Coriander with those chitlins?
On the fourth Thursday of every November is the American celebration of Thanksgiving. This is a holiday to express gratitude to God, family, and friends for all the blessings of this life. Inexplicably, this is often celebrated by the consumption of chitterlings, sometimes known as â€œchitlinsâ€. No name however, can conceal the fact that what is being consumed is pig intestines.
The word chitterling dates back to the middle ages and chitlins have been consumed around the world for hundreds of years. Usually the pig intestine is boiled or stewed and on some occasions it is deep fried and then served with cider vinegar and sauces; presumably lots of sauces.
Even if your soul is at peace with the concept of chitlins as a food there is a drawback to the preparation: stewinâ€™ up some chitlins can release a stench reminiscent of their original contents.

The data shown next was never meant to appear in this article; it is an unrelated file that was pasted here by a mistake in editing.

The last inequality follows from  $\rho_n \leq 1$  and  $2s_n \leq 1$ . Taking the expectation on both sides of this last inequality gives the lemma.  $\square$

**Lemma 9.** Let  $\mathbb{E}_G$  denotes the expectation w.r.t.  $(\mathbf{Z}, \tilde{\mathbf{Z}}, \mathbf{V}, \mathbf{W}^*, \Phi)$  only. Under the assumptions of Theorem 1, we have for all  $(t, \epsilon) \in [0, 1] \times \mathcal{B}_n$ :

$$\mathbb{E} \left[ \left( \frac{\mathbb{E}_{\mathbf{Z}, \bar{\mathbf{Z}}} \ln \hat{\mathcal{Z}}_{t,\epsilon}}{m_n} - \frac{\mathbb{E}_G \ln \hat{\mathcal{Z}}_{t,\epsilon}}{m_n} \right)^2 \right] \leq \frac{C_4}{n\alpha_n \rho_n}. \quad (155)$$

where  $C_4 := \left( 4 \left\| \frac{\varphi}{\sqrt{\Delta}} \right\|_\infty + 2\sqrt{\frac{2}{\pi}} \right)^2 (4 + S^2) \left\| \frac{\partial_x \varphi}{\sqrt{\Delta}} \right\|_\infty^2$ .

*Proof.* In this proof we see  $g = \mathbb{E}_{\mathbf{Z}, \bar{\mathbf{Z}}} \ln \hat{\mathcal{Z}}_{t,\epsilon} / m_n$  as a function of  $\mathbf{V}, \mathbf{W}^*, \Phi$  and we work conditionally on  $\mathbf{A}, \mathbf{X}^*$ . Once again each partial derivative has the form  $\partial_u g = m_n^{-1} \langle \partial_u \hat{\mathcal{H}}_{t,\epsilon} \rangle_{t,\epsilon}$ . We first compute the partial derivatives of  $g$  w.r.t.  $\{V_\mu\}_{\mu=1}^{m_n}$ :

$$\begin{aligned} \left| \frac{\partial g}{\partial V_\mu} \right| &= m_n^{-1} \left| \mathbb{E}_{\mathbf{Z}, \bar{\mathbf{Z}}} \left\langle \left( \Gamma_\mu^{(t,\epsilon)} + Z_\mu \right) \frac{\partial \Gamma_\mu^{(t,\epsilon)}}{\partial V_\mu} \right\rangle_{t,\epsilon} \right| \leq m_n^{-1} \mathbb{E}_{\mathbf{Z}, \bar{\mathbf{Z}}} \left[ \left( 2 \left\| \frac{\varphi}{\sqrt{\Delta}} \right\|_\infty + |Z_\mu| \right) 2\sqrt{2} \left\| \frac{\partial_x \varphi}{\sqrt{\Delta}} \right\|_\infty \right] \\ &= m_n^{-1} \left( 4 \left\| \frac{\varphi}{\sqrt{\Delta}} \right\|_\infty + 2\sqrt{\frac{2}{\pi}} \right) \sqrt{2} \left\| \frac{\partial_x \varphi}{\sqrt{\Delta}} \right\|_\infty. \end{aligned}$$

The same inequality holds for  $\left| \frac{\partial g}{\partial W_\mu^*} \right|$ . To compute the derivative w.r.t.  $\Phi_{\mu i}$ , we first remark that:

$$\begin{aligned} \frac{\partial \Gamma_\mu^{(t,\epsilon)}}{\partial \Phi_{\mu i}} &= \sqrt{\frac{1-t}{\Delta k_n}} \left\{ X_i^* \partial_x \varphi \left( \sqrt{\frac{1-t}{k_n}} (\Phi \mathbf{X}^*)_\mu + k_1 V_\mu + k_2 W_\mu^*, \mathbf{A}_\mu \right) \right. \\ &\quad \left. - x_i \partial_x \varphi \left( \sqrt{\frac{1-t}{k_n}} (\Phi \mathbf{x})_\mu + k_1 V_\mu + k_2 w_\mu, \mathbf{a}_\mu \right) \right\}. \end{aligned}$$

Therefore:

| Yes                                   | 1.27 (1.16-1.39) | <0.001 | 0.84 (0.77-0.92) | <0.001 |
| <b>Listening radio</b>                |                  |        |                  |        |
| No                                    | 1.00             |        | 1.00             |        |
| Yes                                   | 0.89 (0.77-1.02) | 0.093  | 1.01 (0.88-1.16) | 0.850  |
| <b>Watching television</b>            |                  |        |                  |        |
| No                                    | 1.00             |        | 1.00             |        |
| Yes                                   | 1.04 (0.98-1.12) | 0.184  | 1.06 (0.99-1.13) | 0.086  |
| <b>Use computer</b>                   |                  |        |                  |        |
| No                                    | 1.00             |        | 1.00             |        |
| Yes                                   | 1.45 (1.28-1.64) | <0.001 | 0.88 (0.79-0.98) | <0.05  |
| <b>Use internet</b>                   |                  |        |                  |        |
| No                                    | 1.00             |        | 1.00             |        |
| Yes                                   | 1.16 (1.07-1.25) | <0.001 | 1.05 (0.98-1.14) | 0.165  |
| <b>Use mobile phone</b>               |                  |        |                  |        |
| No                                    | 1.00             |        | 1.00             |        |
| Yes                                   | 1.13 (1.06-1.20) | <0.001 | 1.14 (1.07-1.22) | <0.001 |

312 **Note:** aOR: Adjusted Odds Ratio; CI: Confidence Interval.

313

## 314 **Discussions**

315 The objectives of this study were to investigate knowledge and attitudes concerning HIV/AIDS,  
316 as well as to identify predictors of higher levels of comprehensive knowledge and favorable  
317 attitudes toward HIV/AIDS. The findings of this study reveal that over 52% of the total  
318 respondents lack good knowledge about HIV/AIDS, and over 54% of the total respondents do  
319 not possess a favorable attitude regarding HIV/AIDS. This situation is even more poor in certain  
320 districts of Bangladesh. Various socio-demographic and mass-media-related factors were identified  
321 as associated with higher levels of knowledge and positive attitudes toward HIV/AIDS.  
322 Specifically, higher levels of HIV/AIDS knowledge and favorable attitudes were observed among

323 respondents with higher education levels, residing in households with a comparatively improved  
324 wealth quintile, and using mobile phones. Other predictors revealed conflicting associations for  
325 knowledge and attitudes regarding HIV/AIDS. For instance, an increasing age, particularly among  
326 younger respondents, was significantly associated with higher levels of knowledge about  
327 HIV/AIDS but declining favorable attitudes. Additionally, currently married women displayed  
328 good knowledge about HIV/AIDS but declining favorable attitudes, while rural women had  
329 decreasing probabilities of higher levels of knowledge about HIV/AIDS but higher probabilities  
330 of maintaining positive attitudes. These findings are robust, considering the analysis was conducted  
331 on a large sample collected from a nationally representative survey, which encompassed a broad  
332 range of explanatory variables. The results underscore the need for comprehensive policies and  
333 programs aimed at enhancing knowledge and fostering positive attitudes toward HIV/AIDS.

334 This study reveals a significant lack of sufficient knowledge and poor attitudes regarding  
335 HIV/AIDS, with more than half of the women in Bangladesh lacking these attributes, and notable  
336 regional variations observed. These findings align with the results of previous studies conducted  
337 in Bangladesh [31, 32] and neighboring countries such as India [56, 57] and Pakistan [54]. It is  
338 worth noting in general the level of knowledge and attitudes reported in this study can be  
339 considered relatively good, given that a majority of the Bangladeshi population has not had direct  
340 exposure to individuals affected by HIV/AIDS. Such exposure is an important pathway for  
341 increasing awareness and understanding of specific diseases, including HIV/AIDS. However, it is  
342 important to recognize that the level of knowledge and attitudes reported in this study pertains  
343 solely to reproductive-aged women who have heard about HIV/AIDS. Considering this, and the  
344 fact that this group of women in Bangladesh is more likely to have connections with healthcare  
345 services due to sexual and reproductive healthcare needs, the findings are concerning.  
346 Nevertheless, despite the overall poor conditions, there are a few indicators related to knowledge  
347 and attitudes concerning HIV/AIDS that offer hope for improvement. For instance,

Onions are sometimes used in the stewing process to ameliorate this but they are not, apparently, entirely effective. Researchers however, may have come up with an answer to this particular challenge to chitlin consumption.
The researchers reasoned that since coriander is used in other cuisines to reduce unpleasant smells as well as add flavour, perhaps it might lend its aromatic powers to the chitlin-cookinâ€™ dilemma. They treated samples of pig large intestine with various extracts of coriander and asked a lucky panel of human sniffers to rate how badly the intestines smelled.
Several substances in coriander were able to reduce the foul odour of chitlins but one substance, (E,E)-2-4-Undecadienal had a flowery fragrance that could suppress the smell at concentrations as low as ten parts per billion (that is, ten drops in an Olympic size swimming pool).
If you are not a chitlin lover then none of this will persuade you to serve it up to unsuspecting guests at your next dinner party. If however, you do want, for whatever reasons, to venture down the chitlin path then it might be best to take a sprig or five of coriander with you.